Heather Bradford served on ACNM’s Government Affairs Committee (GAC) since 2001, including three years as chair. She received an ACNM Public Policy Award at the Capitol Hill Reception.
Monday, July 12, 2010
Last month, more than 450 midwives and midwifery students traveled to the US Capitol to educate members of Congress on issues vital to the sustainability and growth of midwifery practice and to discuss our legislative agenda. Here is a peak into how midwives promoted woman-friendly policy one legislator at a time:
I ended up meeting with my representative by myself. I expected to meet with an aide, but ended up meeting with Representative McGovern (D-MA) himself! After recovering from my initial shock, I spoke with him about midwifery in Massachusetts and encouraged him to support the MOMS for the 21st Century Act. Not only was he nice to me, but he agreed to cosponsor the bill! As a student nurse-midwife, this was the perfect introduction to lobbying, and I am so glad that I participated!
~Christian M. Ornburn, SNM, ACNM Student Representative, Massachusetts
I had difficulty getting an appointment with Congressman Ruben Hinojosa (D-TX), but was able to obtain a meeting with his aide. I met with his aide in the office for 30 minutes to discuss midwifery issues and care of women in the Rio Grande Valley. As I was leaving, I ran into my representative. I introduced myself, thanked him for his vote for health care reform, and told him how pleased we were that Medicaid payment for birth centers was included in the bill that passed. He asked me to continue our discussion and join him in the congressional elevator. I mentioned that it said congressmen only, and he smiled and said, “You are with me.” We boarded a guarded train and continued to discuss women and children's health care issues. Next he took me to a waiting area and asked me to write my name and telephone numbers while he went to cast a vote. He returned in a few minutes, took me to the exit where I could catch a taxi or bus to the Lobby Day reception, and handed me his card.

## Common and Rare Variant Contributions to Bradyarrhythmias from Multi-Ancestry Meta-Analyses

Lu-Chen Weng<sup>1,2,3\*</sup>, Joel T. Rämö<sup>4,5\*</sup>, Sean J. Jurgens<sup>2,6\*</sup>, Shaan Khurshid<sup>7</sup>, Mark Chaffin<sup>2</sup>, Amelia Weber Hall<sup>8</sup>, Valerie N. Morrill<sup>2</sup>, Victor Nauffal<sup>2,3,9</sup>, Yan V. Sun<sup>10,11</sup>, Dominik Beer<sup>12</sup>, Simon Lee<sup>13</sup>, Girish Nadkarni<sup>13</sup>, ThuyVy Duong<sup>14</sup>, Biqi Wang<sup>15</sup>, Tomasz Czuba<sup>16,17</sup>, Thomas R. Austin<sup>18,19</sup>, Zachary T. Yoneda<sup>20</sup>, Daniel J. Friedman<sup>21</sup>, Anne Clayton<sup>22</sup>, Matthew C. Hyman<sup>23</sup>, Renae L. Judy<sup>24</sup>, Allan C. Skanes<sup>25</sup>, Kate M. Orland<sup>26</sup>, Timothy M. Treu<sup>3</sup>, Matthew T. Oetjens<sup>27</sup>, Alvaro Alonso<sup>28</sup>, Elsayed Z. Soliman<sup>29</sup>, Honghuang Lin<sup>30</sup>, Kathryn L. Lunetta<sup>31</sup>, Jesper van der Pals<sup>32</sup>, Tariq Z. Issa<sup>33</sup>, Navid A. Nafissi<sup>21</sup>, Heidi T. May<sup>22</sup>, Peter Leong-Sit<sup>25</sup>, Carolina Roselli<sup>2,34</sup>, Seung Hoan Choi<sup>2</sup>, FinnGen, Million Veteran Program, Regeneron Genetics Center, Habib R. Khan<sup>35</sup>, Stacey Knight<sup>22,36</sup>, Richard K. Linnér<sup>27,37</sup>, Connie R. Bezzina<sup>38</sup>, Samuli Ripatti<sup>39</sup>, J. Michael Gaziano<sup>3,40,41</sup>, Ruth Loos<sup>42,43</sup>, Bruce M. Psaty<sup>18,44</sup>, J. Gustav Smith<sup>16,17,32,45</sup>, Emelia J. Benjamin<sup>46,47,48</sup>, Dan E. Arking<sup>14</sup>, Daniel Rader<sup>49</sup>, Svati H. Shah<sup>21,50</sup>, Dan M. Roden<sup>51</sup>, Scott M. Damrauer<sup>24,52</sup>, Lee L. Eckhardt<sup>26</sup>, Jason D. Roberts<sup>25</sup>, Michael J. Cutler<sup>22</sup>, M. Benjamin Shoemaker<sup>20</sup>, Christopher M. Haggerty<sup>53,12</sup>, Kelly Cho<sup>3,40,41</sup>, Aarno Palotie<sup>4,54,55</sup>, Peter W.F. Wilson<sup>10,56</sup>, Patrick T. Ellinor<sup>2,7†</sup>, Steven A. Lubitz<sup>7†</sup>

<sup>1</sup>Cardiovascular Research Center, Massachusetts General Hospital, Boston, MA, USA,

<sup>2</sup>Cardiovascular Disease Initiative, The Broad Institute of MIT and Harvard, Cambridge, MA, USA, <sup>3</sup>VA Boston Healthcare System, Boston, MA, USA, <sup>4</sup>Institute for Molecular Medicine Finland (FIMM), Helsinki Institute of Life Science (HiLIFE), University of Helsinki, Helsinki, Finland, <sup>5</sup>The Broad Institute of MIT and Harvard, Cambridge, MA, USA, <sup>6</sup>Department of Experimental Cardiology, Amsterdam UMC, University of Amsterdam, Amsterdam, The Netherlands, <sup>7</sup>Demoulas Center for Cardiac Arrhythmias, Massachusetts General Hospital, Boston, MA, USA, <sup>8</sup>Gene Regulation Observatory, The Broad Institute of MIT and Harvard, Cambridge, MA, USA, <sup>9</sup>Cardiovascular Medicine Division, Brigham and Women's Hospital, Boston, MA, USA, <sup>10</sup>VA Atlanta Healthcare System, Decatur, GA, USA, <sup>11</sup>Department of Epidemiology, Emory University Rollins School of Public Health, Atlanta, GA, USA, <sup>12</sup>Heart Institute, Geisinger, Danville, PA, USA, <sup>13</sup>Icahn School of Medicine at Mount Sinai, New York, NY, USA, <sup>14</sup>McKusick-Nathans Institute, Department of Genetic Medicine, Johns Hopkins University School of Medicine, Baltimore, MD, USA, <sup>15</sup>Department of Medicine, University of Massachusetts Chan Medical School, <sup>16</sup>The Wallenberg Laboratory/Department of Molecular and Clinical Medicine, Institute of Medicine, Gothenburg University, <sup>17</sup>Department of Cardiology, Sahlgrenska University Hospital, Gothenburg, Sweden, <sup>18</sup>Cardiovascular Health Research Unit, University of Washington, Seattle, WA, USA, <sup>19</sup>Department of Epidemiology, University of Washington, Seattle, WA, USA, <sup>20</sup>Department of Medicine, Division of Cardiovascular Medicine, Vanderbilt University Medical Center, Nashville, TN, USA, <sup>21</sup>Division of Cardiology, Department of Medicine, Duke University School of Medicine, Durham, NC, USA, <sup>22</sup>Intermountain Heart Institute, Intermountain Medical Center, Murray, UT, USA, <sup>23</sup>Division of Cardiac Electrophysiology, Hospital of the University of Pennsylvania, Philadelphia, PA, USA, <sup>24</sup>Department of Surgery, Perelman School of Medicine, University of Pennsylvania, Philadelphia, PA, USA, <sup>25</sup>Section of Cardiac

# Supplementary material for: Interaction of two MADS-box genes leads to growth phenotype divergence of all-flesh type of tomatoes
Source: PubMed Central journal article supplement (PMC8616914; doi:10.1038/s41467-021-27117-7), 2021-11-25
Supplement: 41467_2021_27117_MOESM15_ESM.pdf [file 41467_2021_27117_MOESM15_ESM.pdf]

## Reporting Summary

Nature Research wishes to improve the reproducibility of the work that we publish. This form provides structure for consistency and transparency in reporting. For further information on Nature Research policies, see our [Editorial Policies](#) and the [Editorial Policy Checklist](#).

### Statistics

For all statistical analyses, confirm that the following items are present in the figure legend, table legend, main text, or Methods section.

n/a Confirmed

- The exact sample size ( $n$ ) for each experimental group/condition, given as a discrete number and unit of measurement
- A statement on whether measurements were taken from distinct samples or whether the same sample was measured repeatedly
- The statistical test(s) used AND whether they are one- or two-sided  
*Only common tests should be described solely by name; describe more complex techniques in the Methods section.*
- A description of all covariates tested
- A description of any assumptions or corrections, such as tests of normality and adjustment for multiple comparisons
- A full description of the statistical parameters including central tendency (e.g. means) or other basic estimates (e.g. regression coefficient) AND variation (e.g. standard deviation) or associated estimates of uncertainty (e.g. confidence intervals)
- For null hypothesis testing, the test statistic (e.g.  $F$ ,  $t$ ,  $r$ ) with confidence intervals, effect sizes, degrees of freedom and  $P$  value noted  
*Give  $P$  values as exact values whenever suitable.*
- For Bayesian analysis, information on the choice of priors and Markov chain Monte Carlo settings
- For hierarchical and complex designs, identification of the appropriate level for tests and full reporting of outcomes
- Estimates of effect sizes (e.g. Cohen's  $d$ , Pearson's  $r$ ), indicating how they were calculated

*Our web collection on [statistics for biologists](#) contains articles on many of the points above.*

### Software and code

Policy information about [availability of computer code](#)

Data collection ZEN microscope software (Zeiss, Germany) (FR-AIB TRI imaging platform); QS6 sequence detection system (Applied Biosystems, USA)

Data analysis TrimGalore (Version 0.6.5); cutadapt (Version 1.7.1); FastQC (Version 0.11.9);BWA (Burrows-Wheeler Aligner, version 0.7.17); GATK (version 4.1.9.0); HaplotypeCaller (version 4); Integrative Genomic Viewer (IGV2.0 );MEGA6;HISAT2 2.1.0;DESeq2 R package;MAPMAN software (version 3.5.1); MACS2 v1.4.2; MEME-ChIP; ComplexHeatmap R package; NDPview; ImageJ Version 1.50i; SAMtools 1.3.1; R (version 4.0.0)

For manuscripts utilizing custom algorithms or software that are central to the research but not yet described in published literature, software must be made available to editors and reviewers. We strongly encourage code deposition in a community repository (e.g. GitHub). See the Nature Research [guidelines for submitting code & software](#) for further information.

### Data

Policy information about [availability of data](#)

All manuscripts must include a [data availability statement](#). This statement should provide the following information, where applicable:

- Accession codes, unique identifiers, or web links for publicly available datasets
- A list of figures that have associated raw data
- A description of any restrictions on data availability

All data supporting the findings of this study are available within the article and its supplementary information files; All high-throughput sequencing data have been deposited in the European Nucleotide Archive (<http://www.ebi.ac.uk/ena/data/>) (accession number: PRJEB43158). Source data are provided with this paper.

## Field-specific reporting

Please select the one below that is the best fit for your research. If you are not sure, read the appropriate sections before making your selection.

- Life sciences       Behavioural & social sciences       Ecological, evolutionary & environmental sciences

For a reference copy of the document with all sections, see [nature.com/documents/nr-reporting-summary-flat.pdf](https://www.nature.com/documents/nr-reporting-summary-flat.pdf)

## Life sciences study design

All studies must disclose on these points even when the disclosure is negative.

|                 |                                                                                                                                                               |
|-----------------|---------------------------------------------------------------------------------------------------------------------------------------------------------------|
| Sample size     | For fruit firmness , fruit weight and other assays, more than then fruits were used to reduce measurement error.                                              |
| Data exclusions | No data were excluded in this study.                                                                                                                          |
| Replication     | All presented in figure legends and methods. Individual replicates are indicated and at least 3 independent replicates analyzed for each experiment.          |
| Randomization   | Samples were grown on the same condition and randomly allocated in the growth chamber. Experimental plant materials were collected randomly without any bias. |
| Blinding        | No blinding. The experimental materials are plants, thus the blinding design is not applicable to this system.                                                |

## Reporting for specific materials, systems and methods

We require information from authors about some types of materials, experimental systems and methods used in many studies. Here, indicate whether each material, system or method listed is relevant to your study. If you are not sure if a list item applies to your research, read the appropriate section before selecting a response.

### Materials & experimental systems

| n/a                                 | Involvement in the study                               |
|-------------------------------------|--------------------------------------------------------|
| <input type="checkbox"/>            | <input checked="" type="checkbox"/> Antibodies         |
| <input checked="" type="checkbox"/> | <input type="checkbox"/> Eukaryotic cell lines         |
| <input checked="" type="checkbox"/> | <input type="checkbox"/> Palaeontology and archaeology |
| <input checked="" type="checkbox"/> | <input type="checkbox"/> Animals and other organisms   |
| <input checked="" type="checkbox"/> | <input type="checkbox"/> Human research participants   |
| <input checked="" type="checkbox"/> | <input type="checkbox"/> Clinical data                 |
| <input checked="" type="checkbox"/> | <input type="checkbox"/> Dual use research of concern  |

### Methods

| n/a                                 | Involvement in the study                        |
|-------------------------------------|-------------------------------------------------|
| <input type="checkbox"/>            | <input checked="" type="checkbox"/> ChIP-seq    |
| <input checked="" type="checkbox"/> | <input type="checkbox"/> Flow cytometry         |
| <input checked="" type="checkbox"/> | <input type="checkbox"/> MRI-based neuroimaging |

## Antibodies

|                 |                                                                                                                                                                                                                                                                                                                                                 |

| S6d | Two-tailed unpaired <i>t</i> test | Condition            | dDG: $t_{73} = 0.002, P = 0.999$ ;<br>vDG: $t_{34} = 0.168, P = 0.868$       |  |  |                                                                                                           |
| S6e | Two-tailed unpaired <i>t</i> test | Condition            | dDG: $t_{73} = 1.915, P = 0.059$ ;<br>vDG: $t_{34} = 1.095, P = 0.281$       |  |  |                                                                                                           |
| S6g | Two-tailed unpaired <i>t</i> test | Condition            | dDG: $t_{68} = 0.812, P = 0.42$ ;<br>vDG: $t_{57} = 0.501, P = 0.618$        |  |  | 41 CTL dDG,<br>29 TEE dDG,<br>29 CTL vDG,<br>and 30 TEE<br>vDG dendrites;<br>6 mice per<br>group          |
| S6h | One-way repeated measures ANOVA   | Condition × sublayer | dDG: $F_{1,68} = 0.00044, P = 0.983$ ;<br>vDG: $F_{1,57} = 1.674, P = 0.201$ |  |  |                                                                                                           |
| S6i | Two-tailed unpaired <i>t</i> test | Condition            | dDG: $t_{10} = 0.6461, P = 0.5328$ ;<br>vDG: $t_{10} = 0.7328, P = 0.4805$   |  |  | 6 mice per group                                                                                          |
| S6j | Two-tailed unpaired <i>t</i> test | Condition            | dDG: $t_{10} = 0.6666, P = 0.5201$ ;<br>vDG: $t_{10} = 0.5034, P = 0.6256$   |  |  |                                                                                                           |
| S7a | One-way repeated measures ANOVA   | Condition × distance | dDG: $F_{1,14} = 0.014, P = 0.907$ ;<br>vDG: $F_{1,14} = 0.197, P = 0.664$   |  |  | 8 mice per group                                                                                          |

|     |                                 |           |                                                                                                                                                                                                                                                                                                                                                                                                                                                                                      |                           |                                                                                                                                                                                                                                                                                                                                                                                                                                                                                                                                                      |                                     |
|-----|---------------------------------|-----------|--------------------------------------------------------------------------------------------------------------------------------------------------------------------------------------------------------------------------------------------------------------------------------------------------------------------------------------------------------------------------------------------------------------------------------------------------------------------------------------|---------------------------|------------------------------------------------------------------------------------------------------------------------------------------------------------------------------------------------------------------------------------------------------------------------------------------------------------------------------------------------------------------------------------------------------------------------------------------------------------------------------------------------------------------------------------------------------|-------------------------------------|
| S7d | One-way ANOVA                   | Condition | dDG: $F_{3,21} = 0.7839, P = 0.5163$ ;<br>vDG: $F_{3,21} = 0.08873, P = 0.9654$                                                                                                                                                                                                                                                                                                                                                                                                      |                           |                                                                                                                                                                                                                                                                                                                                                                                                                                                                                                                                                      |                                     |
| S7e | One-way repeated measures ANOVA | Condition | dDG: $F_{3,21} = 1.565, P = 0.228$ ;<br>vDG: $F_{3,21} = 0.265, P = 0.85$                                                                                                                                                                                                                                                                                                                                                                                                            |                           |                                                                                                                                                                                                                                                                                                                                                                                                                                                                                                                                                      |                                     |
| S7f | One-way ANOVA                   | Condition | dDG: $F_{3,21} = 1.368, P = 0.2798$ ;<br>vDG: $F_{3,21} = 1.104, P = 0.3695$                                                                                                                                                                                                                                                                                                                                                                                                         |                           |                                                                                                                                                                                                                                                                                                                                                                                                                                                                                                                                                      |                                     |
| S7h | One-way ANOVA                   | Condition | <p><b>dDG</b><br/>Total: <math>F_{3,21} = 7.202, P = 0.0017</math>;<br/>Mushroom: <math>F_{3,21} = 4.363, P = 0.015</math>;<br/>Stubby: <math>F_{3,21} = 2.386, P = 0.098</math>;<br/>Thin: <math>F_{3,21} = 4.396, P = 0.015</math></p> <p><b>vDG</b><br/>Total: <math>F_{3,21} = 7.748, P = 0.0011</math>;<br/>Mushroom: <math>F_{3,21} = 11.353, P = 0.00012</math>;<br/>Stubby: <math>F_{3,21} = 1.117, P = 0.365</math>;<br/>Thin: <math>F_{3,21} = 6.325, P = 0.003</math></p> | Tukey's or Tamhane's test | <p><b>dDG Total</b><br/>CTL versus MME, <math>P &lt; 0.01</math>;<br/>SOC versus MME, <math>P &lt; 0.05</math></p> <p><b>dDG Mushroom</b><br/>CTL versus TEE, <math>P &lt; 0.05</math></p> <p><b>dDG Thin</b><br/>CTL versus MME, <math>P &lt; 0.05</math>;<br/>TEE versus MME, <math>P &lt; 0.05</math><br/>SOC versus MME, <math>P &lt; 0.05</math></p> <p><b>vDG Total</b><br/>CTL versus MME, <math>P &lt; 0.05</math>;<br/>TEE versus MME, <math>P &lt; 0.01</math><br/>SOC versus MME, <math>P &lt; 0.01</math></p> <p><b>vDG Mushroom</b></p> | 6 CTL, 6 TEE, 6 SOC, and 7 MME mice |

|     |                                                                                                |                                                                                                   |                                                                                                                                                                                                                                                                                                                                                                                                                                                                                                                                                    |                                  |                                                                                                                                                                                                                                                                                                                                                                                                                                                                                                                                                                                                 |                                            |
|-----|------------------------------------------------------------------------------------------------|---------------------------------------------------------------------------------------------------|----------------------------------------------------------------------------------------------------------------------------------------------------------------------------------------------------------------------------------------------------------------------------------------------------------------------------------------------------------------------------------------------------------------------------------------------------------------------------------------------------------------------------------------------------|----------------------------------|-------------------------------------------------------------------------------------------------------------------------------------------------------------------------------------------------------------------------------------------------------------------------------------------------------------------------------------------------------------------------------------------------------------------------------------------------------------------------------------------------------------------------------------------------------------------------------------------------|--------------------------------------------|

~Nivia Nieves Fisch, CNM, Texas
My visit with Congressman Robert Andrews (D-NJ) could not have gone better! Though he was in the middle of voting, his health legislative aide whisked me off to the Capitol building because Mr. Andrews wanted to meet with me himself. The congressman and I spent a very pleasant 30 minutes discussing midwifery, health care reform, and the future of maternity care in the US. Before I could ask him, he volunteered to cosponsor Rep. Roybal-Allard's MOMS for the 21st Century bill.
~Robyn Carlisle, CNM, Mt. Royal, New Jersey
I first became aware of the importance of educating our legislators during graduate school. I quickly learned that unless the senator or representative had previously had some formal health care education, they couldn’t possibly be aware of the issues we providers face almost daily. What does it take for the issues to become important to them? The answer, at least in part, was demonstrated by the scores of midwives calling on our legislators during Lobby Day. I thoroughly enjoyed experiencing the momentum that our Washington midwife contingency exhibited during meetings with our senators’ assistants. I felt our voice was heard, and that felt great!
~Susan Collins, CNM, Washington